And that brings us back to Copiepresse. What Sullivan took away from his interview with Boribon is that her group and the World Association of Newspapers believe that Google is exploiting their members. As near as I can tell, they seem to think that Google is making money off of their content by including it in its index, and not giving them anything in return.
The Belgian publications will find out soon enough whether Google was giving them anything of value in return. The search engine interpreted the ruling in the case in which it was involved quite literally. Not only did it remove links to specific Belgian news sources from Google News; it also removed them from Google Belgium entirely. You can still reach the sites from other versions of Google. But their traffic may already be dropping off.
Getting search traffic doesn’t translate into remuneration in any traditional sense. But it can’t be discounted. Why do search marketers strive to increase their traffic from the search engines, after all? As Danny Sullivan put it, “It’s free, easy and converts well.”
And newspapers do get a significant amount of traffic from search engines. It varies tremendously depending on the paper, of course, and how much attention they devote to search engine optimization and search engine marketing. Some observers have said a newspaper’s website can expect to see anywhere between eight and 13 percent of its traffic arriving from the search engines. Sullivan quoted Marshal Simmons, chief search strategist for the New York Times Company as saying that “the NYT gets approximately 22% of its traffic from search engines. This number is very actively growing.”
Taking a wider view of the market, Sullivan also asked Bill Tancer at Hitwise about figures for news sites and search engine traffic. Hitwise tracks more than 3,000 sites in its News & Media – Print category. During one recent week, that category received 13.66 percent of its traffic from Google – and 22.44 percent of that category’s traffic as a whole came from the search engines. Somehow, that doesn’t sound like Google is exploiting newspapers and giving little or nothing in return, especially since many papers are struggling to find a new revenue model with huge drops in their print circulation.
Let’s back up one more time to look at this issue of copyright. Sometimes you have to wonder if Google and these content producers are speaking the same language when they use that word, especially when Google insists that it respects copyright. Indexing a web page is not copying it. Arguably, caching might be considered copying, though whether that counts as an infringement is still legally debatable.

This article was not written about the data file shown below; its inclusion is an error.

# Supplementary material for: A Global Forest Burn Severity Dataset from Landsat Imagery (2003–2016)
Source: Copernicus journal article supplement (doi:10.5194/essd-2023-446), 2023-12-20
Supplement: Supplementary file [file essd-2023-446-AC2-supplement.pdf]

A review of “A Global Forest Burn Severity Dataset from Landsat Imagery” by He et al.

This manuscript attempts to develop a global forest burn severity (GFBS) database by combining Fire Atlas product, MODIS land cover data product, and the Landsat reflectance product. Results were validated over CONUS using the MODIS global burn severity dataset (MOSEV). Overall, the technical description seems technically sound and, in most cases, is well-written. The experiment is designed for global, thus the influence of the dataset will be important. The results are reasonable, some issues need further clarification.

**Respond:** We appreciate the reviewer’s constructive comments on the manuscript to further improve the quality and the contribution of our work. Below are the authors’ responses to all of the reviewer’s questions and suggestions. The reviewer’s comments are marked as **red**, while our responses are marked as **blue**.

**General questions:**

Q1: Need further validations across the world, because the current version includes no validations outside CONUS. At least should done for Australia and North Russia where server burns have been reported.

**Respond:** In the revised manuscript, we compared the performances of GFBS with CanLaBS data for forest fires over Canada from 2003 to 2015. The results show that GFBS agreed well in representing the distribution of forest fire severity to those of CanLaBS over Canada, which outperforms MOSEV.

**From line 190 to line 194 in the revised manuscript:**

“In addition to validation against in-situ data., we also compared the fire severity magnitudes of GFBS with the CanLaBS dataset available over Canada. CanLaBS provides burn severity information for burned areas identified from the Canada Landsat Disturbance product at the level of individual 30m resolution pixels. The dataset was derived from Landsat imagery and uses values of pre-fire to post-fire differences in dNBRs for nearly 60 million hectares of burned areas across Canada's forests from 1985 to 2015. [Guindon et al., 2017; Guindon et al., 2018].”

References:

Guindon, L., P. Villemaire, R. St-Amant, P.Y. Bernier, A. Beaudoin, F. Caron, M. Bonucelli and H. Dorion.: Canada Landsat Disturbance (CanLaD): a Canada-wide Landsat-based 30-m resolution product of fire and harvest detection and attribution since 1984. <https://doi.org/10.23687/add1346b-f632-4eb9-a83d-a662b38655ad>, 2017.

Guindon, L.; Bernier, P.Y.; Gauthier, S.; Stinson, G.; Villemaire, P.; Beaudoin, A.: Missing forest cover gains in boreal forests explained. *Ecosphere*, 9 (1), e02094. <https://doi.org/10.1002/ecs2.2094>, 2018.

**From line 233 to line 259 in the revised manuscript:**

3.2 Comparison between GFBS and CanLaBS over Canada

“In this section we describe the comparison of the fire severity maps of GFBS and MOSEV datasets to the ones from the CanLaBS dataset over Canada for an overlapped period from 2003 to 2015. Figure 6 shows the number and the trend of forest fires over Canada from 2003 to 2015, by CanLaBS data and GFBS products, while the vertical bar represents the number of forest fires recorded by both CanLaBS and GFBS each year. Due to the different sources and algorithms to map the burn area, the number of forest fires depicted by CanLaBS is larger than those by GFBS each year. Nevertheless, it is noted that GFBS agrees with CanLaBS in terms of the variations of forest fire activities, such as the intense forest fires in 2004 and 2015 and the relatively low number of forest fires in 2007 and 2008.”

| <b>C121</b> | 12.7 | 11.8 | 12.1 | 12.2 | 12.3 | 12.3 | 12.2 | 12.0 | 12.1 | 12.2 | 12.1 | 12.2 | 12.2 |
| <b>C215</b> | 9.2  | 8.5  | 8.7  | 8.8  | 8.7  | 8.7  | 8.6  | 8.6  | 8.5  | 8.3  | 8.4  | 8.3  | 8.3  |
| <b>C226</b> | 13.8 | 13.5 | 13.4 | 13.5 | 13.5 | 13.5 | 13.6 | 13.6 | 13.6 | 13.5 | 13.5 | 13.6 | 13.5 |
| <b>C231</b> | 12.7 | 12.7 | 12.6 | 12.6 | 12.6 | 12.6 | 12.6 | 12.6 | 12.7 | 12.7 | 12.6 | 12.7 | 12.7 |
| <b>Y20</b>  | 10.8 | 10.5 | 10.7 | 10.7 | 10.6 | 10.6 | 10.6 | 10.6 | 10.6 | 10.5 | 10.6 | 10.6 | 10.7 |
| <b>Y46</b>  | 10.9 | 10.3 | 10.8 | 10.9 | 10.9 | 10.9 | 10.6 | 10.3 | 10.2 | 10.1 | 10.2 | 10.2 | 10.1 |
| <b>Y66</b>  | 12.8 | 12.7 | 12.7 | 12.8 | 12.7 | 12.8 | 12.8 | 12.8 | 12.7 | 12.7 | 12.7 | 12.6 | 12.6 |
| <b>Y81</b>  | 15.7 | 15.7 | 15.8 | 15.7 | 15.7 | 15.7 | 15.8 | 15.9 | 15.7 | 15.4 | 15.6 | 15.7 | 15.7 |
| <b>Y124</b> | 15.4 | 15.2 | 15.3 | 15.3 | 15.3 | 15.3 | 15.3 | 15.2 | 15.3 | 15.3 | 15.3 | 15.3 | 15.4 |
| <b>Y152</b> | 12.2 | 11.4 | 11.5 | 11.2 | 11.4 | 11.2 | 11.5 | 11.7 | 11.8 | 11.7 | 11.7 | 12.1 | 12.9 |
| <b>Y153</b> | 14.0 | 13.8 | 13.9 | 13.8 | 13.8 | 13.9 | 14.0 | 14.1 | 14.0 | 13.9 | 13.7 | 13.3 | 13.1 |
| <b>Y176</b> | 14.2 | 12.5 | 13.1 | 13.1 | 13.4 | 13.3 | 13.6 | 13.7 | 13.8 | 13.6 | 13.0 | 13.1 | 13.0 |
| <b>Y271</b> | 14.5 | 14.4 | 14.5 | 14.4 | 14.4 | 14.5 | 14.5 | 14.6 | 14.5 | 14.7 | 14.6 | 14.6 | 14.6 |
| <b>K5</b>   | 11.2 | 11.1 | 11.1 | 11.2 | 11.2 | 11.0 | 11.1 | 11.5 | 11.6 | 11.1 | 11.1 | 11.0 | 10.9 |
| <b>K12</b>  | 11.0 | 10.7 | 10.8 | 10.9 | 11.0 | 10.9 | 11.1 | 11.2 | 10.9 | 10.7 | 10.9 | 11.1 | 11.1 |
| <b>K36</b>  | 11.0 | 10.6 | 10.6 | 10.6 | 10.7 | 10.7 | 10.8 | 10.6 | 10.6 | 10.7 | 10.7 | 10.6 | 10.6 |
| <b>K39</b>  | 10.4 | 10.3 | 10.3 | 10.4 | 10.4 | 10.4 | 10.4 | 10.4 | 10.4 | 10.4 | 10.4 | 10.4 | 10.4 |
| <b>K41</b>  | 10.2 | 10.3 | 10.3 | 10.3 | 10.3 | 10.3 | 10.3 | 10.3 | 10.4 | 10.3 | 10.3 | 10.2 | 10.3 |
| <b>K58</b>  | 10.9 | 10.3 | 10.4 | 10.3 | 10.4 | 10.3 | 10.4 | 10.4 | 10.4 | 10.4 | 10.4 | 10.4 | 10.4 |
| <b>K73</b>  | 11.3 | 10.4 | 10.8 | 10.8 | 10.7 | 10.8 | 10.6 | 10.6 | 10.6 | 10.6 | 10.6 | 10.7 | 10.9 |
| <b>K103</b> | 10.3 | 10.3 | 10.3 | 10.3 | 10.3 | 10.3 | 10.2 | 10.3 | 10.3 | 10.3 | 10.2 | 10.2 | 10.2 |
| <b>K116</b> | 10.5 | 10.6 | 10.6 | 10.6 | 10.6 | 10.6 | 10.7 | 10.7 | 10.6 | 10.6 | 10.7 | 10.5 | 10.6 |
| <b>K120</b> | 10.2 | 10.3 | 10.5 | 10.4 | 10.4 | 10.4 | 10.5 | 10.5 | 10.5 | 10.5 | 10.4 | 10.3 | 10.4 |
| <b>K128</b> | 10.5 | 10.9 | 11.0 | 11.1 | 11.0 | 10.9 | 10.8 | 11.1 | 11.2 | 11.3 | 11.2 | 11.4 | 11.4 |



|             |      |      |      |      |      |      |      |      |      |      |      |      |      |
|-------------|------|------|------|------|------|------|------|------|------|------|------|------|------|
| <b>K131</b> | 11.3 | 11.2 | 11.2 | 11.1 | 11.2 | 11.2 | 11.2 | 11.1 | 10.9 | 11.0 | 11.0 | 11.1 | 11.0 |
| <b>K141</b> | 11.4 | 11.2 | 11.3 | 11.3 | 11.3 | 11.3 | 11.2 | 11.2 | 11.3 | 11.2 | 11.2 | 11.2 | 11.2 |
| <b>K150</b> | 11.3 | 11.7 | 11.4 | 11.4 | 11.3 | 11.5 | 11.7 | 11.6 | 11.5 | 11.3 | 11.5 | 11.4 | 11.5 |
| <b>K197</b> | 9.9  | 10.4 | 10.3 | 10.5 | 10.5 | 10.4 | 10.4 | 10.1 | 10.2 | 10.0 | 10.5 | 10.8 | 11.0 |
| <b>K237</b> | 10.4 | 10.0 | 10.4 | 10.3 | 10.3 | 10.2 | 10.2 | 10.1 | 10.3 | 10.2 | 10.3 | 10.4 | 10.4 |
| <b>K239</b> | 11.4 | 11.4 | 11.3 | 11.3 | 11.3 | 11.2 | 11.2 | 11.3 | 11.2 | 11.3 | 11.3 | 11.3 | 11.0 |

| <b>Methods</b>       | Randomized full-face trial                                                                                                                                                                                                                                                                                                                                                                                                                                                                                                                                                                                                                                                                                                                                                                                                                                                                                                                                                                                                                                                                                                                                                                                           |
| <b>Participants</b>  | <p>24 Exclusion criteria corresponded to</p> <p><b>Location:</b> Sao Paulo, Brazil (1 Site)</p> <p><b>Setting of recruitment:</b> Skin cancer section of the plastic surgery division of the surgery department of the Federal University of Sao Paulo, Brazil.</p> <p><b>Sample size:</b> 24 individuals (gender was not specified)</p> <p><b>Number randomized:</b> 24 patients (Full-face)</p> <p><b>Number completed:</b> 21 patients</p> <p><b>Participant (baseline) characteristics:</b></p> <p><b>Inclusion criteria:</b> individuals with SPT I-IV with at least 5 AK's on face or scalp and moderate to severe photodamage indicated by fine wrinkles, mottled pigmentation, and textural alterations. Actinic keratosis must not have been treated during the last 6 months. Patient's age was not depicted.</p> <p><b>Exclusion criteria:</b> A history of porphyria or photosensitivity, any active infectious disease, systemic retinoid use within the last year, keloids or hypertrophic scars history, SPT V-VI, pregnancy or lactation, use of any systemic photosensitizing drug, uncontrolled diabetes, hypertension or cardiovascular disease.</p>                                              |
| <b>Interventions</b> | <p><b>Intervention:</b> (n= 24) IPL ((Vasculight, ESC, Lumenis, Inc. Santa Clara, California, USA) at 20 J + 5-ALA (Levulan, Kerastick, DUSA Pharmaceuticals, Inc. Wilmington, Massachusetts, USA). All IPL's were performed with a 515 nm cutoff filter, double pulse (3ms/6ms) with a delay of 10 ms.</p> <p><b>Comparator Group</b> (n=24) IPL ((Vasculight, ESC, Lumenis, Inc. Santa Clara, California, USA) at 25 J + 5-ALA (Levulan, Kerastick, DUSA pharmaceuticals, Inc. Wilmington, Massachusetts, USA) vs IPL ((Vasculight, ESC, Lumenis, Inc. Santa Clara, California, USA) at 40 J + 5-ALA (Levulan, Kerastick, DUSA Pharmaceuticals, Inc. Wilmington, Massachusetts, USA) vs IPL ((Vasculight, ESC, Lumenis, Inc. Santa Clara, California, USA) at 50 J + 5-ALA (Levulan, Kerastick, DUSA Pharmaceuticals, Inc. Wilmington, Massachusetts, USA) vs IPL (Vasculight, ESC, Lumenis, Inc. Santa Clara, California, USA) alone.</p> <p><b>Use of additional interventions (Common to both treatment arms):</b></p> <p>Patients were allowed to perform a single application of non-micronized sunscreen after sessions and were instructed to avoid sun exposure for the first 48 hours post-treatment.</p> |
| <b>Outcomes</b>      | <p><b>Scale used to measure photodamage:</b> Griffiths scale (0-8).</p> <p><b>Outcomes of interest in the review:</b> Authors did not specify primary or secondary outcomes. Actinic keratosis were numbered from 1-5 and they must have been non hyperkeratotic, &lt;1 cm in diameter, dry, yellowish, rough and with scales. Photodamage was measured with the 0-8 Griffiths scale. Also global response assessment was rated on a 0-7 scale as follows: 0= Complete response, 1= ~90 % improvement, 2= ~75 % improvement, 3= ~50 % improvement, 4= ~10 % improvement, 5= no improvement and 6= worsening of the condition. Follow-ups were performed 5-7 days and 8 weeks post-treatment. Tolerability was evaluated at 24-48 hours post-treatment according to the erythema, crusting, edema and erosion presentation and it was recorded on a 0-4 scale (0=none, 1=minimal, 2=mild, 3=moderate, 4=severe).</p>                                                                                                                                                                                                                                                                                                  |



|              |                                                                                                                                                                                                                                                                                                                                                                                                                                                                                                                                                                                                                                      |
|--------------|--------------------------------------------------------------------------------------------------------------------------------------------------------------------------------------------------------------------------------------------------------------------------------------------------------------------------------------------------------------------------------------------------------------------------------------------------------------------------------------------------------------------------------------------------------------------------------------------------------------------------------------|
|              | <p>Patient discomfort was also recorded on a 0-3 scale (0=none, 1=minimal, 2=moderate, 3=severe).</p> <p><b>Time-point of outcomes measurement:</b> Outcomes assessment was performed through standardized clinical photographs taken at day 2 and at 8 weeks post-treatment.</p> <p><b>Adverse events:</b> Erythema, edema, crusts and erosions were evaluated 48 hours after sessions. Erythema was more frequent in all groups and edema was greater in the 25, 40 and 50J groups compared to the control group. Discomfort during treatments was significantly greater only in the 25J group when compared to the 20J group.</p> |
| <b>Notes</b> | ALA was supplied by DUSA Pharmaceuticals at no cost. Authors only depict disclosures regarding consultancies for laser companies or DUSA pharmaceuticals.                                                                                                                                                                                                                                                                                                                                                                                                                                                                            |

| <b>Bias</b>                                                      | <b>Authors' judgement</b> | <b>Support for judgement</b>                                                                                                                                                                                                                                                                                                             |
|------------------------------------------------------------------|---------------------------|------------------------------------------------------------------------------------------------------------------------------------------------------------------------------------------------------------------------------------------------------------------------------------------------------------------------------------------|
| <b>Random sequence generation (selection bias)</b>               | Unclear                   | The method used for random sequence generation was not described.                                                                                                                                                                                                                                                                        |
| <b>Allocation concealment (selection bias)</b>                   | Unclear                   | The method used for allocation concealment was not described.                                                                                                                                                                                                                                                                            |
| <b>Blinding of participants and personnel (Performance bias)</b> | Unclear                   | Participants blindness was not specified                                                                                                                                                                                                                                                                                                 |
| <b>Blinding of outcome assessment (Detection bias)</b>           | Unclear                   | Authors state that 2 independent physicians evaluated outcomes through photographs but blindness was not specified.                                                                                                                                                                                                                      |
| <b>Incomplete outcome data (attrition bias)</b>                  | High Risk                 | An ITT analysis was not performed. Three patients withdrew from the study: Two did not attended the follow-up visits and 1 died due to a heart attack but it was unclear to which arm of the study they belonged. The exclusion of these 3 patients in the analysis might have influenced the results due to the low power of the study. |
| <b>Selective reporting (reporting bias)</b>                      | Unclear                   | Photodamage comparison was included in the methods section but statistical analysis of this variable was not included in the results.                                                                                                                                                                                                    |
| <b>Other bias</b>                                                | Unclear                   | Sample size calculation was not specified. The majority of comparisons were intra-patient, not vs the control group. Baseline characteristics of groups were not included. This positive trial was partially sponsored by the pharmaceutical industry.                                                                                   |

Even if you would argue that indexing a web page is the same as copying it, there’s another point to consider. Search engines do a job that hardly existed before the Internet, except for librarians. There is no question that they perform a much-needed service – but to do that service, they risk engaging in copyright violations. Has copyright law not kept up with our current needs? Should search engines be exempt from traditional copyright protections?
Google has made a number of arguments pertaining to how it treats copyright. It points out that the users of its service need to click through to read the entire article. This could arguably be called “fair use,” though again that’s a complicated point.
Clearly, Copiepresse and the other plaintiffs want some kind of deal. Google does strike certain deals when it needs to – for example, it came to an agreement with the Associated Press about listing the news agency’s content, for an undisclosed sum. Whether the search engine would be willing to pay for more content remains to be seen.
It’s not unusual for Google to make special publishing arrangements that don’t involve money, by the way; some sites have user subscriptions and are therefore difficult to index, but have content worth indexing (such as Le Monde and the New York Times). If the sites represented as plaintiffs want to negotiate a deal with Google, however, perhaps they should simply remove themselves from the index. They’ll find out whether Google and its users consider their content important enough to include by how quickly the search engine comes around asking for permission to include it.